In other words, price controls were imposed by President Bush and the congressional Republicans as a way to contain costs. Now, as one learned with rent controls in Cambridge, or any of a legion of examples, price controls create scarcity. This is yet another case study regarding this issue. When prices are fixed, profit dries up first, then the incentive for producing the product.
The writers are pessimistic about President Obama’s solutions as well.
Mr. Obama’s executive order will do little if any good since it doesn’t address or even mention this underlying distortion that Medicare has created. Instead, it merely expands the FDA reporting requirements about production interruptions or terminations. This is supposed to be an early warning system, but the scandal is that the availability of basic medicines could be allowed to become an emergency. The order also tells the Justice Department to crack down on the “grey markets” that have sprung up to deliver supplies to doctors and hospitals, albeit with the inevitable markups. So rather than allow price signals to govern supply and demand, Mr. Obama wants to suppress them further.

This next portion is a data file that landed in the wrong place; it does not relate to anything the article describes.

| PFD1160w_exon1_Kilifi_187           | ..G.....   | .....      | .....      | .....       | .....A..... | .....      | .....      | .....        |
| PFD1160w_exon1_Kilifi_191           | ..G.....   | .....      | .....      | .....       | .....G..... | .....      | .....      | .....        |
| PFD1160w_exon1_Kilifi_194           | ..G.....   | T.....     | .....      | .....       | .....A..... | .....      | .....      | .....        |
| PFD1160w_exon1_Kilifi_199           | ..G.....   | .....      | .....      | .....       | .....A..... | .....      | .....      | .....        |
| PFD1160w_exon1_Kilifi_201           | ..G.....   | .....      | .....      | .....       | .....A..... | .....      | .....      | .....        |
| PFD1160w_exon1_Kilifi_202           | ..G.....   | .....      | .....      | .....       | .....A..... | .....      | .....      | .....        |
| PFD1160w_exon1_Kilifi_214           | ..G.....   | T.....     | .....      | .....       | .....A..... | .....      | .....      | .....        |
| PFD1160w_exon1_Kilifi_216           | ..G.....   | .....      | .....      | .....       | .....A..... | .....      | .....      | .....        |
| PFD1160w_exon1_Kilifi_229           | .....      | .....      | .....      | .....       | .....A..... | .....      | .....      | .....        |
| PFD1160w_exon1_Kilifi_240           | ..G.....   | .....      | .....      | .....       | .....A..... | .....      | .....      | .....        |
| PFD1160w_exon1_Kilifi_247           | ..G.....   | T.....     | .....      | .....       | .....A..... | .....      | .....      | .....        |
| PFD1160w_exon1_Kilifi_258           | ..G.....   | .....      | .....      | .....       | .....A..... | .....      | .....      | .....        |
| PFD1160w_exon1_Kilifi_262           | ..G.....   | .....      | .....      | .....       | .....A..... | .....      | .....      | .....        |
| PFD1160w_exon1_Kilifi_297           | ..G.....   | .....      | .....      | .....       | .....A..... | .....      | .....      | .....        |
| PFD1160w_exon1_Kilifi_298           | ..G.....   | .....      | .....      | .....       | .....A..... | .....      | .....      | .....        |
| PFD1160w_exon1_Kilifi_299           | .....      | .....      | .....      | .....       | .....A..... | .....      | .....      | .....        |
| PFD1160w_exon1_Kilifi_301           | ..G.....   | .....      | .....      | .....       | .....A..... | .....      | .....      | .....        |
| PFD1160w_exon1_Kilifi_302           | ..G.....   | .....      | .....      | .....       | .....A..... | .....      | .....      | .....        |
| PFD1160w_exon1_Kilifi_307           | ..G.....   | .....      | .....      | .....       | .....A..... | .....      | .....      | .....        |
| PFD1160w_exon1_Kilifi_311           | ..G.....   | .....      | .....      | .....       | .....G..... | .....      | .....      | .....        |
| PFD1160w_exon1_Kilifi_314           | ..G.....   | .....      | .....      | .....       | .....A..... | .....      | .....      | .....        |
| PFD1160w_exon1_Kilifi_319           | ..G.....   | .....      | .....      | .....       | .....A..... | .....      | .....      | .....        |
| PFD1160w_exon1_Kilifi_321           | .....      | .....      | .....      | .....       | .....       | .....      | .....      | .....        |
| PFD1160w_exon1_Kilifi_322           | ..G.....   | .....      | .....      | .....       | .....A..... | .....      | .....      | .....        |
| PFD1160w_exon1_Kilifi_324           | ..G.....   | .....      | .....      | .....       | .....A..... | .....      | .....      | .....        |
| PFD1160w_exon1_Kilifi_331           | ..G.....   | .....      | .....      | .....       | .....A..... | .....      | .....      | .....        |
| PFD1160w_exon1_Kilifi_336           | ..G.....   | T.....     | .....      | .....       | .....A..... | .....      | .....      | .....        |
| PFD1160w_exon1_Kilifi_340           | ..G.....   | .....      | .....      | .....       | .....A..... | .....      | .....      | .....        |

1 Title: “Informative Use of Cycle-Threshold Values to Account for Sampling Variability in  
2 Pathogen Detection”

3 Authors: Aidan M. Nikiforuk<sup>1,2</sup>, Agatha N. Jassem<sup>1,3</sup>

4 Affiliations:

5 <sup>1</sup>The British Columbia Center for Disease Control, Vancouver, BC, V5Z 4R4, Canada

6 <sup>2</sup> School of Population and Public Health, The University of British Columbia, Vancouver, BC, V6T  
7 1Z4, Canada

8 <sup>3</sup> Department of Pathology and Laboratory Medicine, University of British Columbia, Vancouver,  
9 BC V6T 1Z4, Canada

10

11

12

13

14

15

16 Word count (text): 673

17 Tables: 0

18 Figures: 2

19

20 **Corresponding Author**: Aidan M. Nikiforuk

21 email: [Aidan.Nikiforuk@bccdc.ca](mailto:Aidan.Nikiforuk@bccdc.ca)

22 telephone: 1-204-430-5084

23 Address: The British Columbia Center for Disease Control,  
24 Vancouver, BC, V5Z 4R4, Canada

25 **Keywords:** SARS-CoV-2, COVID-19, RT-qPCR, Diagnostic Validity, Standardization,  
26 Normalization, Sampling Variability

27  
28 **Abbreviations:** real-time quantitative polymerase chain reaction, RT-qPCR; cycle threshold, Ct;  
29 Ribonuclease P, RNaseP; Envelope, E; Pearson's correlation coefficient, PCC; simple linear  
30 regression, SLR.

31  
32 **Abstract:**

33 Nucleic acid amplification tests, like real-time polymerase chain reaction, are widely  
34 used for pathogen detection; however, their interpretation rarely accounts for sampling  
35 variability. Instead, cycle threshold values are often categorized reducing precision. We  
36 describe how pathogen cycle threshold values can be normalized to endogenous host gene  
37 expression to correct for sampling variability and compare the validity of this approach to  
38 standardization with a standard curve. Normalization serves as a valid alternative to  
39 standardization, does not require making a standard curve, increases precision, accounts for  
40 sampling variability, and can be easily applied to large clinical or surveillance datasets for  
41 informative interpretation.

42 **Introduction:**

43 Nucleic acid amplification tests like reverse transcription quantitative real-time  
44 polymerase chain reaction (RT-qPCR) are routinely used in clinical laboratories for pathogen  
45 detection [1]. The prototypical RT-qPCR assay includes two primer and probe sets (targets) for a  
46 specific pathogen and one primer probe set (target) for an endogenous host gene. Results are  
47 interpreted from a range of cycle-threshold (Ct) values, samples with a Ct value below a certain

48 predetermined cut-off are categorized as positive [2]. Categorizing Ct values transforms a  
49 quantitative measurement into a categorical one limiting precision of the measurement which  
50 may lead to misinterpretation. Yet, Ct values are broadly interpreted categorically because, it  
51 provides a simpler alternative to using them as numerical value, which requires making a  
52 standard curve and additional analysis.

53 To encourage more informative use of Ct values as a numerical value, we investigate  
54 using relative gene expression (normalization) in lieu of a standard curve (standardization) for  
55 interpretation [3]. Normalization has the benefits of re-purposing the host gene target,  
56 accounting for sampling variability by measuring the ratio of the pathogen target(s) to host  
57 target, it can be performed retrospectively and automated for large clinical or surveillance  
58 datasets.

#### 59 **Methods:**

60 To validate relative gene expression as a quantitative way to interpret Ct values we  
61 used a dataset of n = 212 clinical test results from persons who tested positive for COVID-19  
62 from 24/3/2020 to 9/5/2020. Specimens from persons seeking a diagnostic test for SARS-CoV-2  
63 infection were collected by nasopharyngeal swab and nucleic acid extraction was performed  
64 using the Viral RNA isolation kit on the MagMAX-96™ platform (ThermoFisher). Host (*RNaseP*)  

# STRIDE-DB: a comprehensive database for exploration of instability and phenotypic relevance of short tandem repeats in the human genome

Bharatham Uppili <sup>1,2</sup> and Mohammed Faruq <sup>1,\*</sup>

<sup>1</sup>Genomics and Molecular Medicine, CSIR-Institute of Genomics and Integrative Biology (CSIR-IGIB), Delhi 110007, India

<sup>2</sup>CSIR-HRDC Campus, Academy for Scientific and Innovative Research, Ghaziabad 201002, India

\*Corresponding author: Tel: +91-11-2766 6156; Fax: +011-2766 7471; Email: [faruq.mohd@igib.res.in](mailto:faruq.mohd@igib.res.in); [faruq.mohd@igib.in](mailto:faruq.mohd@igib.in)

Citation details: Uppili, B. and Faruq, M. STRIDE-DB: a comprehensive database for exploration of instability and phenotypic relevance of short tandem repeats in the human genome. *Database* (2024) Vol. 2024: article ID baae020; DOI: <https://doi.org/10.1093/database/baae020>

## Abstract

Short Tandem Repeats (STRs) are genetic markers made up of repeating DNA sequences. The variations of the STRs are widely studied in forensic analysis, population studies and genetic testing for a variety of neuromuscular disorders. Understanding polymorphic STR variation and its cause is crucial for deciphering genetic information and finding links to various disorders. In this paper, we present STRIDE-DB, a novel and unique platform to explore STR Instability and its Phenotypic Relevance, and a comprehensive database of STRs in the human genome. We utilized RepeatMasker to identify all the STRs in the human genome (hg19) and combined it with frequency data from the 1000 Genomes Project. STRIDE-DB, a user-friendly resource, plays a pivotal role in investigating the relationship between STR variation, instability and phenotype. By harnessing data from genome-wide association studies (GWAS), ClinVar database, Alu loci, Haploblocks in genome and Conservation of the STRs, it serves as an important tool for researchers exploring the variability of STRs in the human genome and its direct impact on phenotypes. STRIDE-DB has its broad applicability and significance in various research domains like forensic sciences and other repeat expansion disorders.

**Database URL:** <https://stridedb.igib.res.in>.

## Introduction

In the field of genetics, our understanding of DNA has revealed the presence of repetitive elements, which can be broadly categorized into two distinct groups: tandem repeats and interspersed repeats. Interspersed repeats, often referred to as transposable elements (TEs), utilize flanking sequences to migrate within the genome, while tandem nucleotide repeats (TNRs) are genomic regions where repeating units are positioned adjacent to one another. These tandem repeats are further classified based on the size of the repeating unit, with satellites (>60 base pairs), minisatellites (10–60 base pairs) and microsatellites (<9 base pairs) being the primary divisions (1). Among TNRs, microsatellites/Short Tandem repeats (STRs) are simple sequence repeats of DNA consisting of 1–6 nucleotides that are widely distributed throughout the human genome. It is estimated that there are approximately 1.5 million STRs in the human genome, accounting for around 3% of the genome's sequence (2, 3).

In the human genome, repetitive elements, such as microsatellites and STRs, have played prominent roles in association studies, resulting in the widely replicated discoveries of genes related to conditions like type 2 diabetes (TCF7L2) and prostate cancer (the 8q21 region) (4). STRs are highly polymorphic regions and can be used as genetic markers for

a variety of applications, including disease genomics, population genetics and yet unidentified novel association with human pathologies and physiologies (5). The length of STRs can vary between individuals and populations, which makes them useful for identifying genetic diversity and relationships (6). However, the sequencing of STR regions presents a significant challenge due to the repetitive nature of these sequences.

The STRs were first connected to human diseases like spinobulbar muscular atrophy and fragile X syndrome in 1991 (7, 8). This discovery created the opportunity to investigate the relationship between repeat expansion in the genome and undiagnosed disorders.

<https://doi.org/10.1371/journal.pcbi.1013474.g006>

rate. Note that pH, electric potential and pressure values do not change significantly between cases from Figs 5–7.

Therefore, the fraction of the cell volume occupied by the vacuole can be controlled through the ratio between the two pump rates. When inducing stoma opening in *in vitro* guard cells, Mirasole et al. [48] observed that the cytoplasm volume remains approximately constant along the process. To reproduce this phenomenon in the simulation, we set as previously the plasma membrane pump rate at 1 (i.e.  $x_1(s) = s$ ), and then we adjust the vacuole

Now you are thinking, “Dr. J., weren’t generics supposed to make things cheaper!?!??” Yes they are, but drugs can be expensive to make due to the raw material cost, scalability (how big your batches can be), and the amount you need. Furthermore, cheaper doesn’t mean free.
Drugs that have less doses purchased per month (bleomycin used pretty much only for testicular cancer) are more expensive to make than, say, lisinopril (for hypertension) which is being literally given away at Publix’s pharmacies. By way of contrast, an antihypertensive called eplerenone (Inspra) will always be expensive because it’s very expensive to make, so when it goes ‘generic’, the price won’t go down, even with economies of scale driving costs down.